We pointed out yesterday in pandemic coverage that "federal health officials say they are eager to offer … updated boosters as quickly as possible, pointing to a death toll that now averages about 450 Americans per day and could rise in the coming months as people spend more time indoors."
I'm ready to sign up right now. That number - 450 Americans are dying every day from Covid-19 - certainly gets my attention. Nothing is perfect, and there are no guarantees … but I want to do whatever I can to improve my odds. Which I believe will not just help me stay healthy, but is the responsible thing to do to try to keep people around me healthy.
Prompting one MNB reader to write:
Or maybe they’re responsible for keeping themselves healthy.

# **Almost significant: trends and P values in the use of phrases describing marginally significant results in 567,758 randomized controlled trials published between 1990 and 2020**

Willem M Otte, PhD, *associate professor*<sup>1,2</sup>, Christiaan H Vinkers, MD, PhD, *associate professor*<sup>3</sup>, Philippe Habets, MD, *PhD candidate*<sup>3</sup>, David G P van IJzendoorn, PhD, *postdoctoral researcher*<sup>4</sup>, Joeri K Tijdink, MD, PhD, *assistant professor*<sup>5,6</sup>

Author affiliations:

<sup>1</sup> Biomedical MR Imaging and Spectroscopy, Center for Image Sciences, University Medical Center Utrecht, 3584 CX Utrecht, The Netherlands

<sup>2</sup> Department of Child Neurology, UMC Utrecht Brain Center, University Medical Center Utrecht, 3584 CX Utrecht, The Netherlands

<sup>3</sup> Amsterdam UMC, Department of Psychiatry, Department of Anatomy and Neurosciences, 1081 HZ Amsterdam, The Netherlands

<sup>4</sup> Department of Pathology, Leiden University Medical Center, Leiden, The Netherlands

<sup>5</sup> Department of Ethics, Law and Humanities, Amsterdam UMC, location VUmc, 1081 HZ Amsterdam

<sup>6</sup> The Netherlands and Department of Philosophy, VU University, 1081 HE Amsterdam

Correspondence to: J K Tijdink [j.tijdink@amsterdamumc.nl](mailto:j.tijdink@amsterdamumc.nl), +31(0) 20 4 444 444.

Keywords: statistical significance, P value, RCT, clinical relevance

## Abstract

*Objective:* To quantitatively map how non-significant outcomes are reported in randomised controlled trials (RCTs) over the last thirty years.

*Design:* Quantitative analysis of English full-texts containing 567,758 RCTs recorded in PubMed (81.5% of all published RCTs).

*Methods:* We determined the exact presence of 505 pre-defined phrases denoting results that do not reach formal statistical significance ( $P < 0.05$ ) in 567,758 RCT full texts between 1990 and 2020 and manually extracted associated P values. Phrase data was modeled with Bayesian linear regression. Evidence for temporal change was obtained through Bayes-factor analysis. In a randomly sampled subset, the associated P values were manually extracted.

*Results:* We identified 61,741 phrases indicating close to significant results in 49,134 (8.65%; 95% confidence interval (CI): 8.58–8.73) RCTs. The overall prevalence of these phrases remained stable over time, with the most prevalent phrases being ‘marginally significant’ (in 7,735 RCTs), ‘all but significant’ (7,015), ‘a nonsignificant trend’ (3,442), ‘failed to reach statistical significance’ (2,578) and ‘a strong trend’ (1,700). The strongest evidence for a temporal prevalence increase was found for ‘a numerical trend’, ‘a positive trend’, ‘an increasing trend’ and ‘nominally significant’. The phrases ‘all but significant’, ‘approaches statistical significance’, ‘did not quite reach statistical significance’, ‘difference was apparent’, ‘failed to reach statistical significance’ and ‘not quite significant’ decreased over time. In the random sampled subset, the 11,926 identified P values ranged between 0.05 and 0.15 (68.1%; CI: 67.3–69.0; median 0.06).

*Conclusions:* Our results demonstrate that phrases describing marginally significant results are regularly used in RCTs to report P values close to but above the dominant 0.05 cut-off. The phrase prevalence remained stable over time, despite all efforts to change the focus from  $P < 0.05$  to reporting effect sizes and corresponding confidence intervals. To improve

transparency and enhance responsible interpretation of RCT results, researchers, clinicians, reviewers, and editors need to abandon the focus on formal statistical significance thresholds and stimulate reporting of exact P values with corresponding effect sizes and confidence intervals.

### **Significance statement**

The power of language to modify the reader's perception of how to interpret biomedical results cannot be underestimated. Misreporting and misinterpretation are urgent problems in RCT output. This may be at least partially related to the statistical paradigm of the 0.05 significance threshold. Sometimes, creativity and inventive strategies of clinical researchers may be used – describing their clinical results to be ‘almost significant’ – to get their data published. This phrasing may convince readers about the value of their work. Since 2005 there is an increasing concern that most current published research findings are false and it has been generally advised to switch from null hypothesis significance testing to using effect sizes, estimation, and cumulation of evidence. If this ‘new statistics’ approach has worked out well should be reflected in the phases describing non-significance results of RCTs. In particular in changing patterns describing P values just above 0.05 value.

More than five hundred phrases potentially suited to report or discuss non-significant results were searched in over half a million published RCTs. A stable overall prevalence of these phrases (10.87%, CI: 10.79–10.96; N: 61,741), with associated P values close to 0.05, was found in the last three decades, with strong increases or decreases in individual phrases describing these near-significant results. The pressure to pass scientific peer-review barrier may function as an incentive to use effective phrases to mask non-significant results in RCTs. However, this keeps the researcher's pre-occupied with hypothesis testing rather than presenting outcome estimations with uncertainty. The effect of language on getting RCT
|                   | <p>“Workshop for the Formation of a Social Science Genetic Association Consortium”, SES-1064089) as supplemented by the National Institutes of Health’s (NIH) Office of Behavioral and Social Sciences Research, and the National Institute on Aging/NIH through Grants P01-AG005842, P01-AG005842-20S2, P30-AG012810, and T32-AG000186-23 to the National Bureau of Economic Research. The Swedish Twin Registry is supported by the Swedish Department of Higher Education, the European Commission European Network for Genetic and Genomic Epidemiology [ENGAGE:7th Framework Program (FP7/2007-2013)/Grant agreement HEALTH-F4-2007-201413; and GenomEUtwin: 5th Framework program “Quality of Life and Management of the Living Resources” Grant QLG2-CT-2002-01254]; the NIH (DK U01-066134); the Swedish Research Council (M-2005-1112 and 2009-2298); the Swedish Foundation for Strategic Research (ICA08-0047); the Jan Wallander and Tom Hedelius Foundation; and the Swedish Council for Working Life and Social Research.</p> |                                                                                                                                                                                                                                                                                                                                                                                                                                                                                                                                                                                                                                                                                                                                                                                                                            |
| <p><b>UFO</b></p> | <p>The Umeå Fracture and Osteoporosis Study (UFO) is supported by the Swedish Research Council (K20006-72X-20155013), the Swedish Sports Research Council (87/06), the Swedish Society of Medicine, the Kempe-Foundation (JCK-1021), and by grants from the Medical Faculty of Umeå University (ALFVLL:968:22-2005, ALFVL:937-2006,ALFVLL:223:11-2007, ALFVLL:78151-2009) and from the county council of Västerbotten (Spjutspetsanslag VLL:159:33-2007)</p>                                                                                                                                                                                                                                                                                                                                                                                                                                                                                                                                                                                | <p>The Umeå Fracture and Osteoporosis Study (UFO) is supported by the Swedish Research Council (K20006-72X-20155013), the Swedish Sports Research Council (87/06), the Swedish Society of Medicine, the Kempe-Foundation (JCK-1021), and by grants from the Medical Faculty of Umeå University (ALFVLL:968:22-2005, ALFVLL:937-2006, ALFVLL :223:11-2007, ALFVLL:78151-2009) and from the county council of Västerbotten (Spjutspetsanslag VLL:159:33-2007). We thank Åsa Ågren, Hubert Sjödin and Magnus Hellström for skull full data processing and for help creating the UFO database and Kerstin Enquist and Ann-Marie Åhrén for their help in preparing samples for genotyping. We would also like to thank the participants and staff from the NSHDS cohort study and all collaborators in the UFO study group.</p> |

So you don't subscribe to the philosophy that being part of a community means that we should all try to be responsible in our behavior? That part of being human is looking out for others? That we should care enough for each other than we should modify our behavior if not doing so means we could harm others?
How many people got sick or even died during the pandemic because there were others who decided that they did not need to wear masks, and didn't need to get vaccinated or boosted, and ended up getting sick and then infected other people?
Glad you're not my neighbor. Or a member of my family. And I sure as hell hope that I've raised my kids to be better than that.